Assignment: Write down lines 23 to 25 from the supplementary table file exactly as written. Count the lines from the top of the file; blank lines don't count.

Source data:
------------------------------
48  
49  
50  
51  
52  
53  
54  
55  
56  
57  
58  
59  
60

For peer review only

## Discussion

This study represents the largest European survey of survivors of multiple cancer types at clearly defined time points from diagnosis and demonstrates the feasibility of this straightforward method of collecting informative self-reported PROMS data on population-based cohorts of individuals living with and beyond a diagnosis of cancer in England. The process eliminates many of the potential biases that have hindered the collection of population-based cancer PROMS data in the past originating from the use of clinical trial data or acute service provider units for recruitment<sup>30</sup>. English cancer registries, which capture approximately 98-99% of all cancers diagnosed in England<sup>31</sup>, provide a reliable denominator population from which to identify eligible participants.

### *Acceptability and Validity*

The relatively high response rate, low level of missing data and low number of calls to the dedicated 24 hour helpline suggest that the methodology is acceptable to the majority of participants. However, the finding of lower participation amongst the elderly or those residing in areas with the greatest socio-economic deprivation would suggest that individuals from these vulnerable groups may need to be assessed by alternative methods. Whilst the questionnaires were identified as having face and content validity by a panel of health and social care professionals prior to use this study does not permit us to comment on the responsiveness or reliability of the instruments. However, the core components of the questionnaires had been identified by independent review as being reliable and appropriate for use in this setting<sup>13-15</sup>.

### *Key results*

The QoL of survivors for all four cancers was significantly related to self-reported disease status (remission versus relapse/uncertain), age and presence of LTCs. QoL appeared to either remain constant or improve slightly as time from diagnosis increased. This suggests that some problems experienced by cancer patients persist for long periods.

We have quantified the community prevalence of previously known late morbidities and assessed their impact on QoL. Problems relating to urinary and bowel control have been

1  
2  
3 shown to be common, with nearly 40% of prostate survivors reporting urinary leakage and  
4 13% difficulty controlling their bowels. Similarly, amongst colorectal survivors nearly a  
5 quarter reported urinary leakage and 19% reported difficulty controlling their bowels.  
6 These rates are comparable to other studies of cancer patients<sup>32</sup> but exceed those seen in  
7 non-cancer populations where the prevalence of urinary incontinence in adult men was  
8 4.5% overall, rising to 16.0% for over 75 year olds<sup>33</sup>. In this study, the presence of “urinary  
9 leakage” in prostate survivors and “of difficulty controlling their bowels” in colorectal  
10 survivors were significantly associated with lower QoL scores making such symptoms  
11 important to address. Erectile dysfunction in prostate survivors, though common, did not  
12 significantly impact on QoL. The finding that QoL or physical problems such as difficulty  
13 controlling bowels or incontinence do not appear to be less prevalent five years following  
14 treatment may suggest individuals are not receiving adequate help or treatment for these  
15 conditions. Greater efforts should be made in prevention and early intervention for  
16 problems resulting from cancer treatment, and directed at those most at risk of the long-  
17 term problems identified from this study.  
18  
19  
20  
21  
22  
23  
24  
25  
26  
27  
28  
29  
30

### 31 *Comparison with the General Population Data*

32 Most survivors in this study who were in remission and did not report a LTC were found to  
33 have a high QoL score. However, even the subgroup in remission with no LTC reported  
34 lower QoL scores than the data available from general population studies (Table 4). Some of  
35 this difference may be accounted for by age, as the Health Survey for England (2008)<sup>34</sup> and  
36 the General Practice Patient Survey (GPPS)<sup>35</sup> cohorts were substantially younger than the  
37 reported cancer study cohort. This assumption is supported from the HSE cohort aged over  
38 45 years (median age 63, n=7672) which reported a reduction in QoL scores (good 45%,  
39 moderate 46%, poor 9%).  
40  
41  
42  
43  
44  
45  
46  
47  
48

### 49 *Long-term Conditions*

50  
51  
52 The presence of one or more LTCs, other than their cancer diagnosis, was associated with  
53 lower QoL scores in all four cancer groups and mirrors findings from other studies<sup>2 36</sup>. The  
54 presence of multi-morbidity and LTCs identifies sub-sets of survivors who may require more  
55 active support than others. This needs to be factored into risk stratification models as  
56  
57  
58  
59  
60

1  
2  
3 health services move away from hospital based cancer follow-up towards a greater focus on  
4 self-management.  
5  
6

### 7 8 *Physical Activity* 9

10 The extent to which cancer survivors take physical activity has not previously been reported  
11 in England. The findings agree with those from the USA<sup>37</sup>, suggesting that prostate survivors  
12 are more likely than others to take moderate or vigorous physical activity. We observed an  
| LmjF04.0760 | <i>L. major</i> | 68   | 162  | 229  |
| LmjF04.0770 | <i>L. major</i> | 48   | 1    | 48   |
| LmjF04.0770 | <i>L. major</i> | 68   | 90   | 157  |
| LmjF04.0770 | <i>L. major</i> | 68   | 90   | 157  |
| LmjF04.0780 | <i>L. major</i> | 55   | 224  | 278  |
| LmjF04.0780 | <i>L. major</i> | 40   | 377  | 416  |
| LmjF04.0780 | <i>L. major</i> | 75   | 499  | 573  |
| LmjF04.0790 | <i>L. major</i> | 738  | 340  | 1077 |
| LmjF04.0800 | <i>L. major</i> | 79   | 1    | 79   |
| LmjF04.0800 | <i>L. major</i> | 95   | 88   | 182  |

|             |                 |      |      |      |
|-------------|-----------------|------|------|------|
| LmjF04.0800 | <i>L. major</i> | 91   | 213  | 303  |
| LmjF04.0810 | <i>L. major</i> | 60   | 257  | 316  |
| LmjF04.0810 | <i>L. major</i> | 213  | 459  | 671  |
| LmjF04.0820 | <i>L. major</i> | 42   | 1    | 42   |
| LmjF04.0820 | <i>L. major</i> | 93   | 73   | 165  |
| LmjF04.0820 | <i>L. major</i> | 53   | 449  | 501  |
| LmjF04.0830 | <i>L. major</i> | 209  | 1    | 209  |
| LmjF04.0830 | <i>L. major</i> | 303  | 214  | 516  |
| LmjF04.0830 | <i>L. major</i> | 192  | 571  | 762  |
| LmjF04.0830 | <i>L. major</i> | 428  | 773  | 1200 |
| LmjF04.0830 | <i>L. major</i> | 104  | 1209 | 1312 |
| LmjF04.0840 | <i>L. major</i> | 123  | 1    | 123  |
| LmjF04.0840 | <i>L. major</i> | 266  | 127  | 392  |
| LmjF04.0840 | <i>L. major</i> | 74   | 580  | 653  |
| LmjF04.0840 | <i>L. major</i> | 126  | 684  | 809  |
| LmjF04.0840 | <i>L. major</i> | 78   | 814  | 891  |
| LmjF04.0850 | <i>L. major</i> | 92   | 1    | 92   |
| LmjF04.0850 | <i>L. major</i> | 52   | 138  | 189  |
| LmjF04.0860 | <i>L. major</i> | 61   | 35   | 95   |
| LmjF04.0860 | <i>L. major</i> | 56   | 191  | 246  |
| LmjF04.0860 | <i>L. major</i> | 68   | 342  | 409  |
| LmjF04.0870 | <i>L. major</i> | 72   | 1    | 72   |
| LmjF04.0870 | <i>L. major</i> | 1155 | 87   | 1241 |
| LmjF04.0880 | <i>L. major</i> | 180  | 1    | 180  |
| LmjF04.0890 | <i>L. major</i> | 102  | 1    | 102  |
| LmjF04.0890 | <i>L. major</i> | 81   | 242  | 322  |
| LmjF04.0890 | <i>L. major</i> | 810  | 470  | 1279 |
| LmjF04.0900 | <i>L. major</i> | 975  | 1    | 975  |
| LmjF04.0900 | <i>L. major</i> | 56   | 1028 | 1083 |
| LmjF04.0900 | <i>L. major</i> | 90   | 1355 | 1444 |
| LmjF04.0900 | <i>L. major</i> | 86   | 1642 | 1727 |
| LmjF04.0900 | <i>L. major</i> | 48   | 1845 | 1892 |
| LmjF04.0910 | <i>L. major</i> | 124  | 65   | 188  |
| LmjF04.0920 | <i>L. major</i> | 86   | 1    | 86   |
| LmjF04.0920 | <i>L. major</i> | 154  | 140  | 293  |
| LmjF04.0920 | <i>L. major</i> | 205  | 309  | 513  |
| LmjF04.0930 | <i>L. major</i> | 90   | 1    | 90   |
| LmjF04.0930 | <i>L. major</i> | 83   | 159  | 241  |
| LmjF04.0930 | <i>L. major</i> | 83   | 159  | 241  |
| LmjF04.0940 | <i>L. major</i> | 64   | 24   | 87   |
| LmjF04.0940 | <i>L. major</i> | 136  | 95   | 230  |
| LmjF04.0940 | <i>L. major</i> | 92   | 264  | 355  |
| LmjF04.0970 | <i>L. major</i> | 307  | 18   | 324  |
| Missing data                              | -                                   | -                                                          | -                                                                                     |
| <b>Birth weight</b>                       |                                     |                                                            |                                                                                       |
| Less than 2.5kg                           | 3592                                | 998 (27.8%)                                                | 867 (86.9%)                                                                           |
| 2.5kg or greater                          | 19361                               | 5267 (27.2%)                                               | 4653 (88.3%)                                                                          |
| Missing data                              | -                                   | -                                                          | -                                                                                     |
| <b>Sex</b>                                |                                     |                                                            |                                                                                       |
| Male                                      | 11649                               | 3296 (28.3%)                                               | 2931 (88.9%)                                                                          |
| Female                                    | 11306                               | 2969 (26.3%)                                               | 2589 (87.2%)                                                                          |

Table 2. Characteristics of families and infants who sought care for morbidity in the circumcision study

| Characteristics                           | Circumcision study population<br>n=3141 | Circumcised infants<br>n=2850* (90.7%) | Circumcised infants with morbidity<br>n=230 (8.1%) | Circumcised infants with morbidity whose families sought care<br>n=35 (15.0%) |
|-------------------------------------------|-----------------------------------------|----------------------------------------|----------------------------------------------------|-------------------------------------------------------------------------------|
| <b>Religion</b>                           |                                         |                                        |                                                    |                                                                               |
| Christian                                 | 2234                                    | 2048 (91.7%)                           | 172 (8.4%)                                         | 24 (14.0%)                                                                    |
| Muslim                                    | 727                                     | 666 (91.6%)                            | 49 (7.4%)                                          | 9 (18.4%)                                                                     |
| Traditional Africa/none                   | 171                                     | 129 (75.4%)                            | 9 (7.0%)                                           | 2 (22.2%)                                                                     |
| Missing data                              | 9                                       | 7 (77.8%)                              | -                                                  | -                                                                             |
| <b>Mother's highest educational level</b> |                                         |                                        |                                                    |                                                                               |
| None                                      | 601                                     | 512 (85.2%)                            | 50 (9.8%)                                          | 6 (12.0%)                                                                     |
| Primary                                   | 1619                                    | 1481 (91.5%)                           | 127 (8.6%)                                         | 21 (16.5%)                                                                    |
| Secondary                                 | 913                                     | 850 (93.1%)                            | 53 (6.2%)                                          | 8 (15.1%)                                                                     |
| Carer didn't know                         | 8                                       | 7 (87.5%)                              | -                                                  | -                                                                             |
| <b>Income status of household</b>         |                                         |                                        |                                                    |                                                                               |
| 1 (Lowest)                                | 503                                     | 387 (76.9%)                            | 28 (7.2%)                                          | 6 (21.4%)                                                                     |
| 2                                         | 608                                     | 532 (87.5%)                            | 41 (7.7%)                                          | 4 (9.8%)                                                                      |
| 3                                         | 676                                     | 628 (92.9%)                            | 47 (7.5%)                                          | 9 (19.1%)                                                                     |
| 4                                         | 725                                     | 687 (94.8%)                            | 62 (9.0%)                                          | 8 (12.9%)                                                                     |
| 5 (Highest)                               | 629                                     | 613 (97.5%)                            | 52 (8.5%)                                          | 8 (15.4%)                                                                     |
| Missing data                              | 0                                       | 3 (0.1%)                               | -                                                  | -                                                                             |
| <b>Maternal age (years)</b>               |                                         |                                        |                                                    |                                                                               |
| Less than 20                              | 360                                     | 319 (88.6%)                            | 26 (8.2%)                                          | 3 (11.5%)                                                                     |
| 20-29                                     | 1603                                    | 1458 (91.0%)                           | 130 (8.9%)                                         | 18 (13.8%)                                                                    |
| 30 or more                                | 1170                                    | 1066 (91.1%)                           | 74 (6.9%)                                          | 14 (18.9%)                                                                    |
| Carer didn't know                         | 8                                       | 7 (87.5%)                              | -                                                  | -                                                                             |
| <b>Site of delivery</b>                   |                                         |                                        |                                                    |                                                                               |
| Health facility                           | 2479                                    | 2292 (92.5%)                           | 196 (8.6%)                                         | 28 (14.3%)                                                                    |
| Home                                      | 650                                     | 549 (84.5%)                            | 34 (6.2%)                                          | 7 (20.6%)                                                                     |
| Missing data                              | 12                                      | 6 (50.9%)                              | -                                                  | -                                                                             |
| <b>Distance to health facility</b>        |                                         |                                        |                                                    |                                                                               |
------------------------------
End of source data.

2  
3 shown to be common, with nearly 40% of prostate survivors reporting urinary leakage and  
4 13% difficulty controlling their bowels. Similarly, amongst colorectal survivors nearly a  